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Sleep

Living with type 1 can lead to interrupted sleep. Get information and tips to help you get a better nights sleep.
Content last reviewed and updated: 01.05.2024

Type 1 diabetes and Sleep

If you have type 1 diabetes you may experience interrupted sleep. This can be because of alarms, changing glucose levels or stress and anxiety. We have information and advice about how to get a better night’s rest 

Woman having her sleep disrupted

Can lack of sleep affect your type 1 diabetes?

Research has found that people with type 1 who reported disrupted sleep can have higher HbA1c levels. They were also found to need more insulin the day after not sleeping well. If this is happening to you, it’s not your fault. Remember, not everything in your type 1 management is within your control.  

What happens to blood glucose when you’re asleep?

Your blood glucoses levels continue to rise and fall while you’re asleep, the same as they do when you’re awake. Whether they rise of fall may be due to different reasons. For example, if you’ve eaten or exercised late or taken too much insulin.  

Can you have hypos at night? 

Your blood glucose goes up and down in the night, so it’s possible to have nighttime hypos. Some people wake up when they have a hypo, but others might not be aware that they’re having a hypo while they’re asleep. You may wake up with a headache and feel fuzzy headed if you’ve had a hypo during the night.  

Speak to your Diabetes Healthcare Team as soon as possible if you’re worried about nighttime hypos.   

Using a continuous glucose monitor (CGM) can help alert you about hypos when you’re sleeping. You can set alarms to alert you when your glucose levels are going into a hypo (usually below 4mmol).  

The dawn phenomenon

Blood glucose can rise in the early morning, usually around 4am – 8am. This is known as the dawn phenomenon. This happens to everyone, whether they have type 1 or not. It happens because of the release of hormones which causes the liver to release glucose. It may even cause a short period of insulin resistance, which affects how your body is able to use insulin to turn blood glucose into energy.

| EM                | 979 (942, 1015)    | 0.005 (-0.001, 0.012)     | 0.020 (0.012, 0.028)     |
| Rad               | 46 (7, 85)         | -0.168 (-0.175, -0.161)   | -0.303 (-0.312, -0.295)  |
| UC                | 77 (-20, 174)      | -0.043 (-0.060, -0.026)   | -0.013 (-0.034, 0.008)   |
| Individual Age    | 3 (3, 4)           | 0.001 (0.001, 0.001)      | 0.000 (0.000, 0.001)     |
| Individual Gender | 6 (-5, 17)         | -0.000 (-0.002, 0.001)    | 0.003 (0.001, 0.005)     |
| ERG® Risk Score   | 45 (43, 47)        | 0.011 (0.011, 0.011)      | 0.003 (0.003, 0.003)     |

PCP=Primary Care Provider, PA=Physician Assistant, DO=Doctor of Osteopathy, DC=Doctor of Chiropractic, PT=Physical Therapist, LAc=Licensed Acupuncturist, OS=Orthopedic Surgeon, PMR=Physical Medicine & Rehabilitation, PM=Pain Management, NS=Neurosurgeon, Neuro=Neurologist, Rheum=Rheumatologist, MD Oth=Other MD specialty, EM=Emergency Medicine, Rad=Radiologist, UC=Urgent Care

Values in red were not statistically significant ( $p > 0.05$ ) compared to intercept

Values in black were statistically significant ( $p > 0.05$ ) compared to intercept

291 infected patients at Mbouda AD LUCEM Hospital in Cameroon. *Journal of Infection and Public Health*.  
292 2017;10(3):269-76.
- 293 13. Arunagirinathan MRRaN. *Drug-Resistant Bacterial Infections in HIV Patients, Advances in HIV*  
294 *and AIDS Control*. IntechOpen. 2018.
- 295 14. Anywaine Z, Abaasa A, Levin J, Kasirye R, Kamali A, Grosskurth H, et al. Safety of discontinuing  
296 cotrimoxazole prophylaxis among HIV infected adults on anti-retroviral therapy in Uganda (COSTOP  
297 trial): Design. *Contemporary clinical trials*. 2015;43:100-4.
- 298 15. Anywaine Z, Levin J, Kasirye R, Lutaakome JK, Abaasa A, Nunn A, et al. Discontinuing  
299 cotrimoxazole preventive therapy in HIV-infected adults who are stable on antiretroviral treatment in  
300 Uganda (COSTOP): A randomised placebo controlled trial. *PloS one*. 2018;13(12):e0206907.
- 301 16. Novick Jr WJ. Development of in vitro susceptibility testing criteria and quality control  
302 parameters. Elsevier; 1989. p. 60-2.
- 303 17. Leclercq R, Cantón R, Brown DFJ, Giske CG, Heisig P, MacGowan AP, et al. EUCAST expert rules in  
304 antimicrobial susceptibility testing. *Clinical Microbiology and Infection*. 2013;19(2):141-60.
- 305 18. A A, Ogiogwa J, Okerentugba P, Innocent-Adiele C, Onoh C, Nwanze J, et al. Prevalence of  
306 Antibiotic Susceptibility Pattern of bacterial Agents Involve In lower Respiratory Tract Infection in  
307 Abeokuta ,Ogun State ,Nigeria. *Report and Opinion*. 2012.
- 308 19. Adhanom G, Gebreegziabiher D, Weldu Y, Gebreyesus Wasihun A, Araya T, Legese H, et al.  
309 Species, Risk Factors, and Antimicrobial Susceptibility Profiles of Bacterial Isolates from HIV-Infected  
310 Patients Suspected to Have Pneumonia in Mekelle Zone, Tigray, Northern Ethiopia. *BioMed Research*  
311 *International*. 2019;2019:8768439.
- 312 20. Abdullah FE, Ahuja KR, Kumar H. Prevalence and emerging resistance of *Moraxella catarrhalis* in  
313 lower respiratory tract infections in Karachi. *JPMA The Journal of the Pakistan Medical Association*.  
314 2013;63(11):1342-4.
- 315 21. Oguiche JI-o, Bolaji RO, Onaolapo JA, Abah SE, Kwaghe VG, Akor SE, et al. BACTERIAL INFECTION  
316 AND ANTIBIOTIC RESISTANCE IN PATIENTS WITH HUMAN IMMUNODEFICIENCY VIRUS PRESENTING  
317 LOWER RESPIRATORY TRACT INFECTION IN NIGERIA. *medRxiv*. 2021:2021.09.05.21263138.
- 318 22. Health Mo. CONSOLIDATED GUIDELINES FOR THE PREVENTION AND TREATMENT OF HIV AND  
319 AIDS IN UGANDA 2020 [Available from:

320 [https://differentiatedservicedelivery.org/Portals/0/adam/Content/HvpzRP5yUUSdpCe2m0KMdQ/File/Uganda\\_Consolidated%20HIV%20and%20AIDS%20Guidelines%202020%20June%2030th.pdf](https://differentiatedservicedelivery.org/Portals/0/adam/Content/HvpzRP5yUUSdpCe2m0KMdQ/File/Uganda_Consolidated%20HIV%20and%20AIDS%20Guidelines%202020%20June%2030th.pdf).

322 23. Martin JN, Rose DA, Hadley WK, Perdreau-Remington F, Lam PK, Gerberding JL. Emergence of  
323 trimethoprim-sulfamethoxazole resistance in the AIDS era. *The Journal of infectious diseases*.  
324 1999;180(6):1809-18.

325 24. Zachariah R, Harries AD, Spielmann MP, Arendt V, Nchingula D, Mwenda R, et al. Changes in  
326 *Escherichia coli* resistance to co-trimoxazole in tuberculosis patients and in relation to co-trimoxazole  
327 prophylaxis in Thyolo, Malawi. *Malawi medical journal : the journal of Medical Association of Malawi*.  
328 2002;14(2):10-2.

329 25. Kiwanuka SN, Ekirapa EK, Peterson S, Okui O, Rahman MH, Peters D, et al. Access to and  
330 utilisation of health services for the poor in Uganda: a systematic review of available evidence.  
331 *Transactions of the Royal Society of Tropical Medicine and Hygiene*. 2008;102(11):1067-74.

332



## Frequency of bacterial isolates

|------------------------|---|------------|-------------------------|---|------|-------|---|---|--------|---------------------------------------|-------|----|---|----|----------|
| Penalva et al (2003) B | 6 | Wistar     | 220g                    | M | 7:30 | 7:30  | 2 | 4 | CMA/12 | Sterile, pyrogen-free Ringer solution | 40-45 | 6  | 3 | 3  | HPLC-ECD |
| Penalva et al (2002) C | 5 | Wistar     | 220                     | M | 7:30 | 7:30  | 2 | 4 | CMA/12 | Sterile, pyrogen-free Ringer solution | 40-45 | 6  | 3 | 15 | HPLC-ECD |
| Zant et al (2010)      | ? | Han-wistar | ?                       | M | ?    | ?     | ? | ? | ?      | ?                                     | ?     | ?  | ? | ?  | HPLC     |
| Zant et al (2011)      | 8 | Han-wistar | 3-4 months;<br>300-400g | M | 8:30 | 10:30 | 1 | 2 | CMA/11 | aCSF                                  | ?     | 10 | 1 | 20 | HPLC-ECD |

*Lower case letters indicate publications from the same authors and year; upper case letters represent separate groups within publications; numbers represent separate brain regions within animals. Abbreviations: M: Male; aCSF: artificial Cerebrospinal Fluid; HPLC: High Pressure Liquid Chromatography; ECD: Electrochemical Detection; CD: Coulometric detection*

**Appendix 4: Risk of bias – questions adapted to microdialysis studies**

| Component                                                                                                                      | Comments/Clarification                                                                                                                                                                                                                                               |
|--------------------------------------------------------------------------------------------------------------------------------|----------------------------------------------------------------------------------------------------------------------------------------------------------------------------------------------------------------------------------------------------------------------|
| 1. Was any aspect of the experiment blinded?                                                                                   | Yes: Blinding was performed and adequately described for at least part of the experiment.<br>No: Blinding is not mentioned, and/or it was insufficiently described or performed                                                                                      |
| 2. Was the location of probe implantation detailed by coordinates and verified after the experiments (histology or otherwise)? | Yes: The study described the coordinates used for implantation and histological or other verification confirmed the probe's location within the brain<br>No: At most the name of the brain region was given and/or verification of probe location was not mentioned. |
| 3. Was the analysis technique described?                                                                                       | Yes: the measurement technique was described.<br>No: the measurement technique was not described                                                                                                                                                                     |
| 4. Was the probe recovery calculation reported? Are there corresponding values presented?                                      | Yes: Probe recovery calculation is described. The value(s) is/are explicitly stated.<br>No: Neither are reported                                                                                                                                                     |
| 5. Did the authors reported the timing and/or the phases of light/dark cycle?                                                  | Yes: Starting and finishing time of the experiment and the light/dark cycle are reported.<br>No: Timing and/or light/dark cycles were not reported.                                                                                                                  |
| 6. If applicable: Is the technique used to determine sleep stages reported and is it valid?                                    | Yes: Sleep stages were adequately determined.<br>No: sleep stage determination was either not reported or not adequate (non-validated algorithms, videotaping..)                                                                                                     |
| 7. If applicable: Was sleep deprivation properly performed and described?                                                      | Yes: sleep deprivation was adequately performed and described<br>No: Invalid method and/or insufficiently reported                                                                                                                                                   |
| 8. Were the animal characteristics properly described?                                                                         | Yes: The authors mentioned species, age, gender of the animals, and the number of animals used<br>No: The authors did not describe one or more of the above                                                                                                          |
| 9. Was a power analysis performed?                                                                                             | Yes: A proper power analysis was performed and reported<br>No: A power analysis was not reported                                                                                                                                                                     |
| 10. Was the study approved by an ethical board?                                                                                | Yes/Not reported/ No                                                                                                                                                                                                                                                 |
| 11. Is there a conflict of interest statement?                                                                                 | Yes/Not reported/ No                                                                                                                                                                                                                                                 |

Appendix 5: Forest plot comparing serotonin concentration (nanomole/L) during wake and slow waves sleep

To see how the dawn phenomenon is affecting you, check your glucose levels in the early hours of the morning, between about 2 – 4am, to see how they change. This is easier to do if you have a continuous glucose monitor, as you can look back at your data from the previous days, weeks or even months. If you use a blood glucose meter, you will need to manually check them during these hours. 

If your levels rise sharply after 4am, then the dawn phenomenon may be affecting you.  

Talk to you Diabetes Healthcare Team for help if you think the dawn phenomenon is affecting your type 1 management. 

Tips for Better Sleep

We have tips to help you improve your sleep or find help if you need to. These tips are useful for anyone struggling to sleep, whether they have type 1 or not. Always talk to your Diabetes Healthcare Team if sleep is becoming an issue for you. They can help you work through what could be affecting your sleep and support you.

Check other medical issues

Make sure that you don’t have any other medical issues contributing to your sleep issues. Some research shows that obstructive sleep apnoea (OSA) is more common among people with type 1 diabetes than those without. People with OSA stop breathing repeatedly and then start again throughout the night. Talk to your GP or Diabetes Healthcare Team about whether this might be affecting you.

Adjust your technology

CGMs are great for detecting nighttime hypos and hypers, but being woken up regularly can be difficult. Talk to your Diabetes Healthcare Team about ways to minimise the disruption to your sleep. For example, they may suggest using different alarms settings for high and low blood glucose to reduce alarms (do not do this without medical advice and support). 

Try different technology

Hybrid closed loops (HCL) systems deliver insulin based on glucose readings from a sensor. HCL can reduce the number of decisions and calculations that you need to make on a daily basis. It can also reduce the amount of times you need to wake in the night to treat hypos, or go to the toilet because of high glucose levels.  

Find out more about HCL and if it’s available for you.  

Try and reduce anxiety

If worries about type 1 diabetes are keeping you awake, talk to your Diabetes Healthcare Team or your GP, who may be able to refer you for talking therapies on the NHS. Read more about looking after your emotional wellbeing.

Get into a routine

Try to go to bed at the same time and get up at the same time every day (including weekends).

Get active

Getting regular physical activity and being active during the day can help you fall asleep. It can also help reduce stress, anxiety and improve your emotional wellbeing. 

Watch what you eat and drink

Avoid caffeine, alcohol, or eating a lot right before you go to bed. 

Make space to relax and switch off

Create a relaxing sleeping environment – make sure your bedroom is quiet, dark and at a comfortable temperature. 

Keep electronics out of your bedroom as much as possible including computers and TVs. If you use a smart phone to check your levels, try and avoid using it for anything else, like scrolling through social media.  

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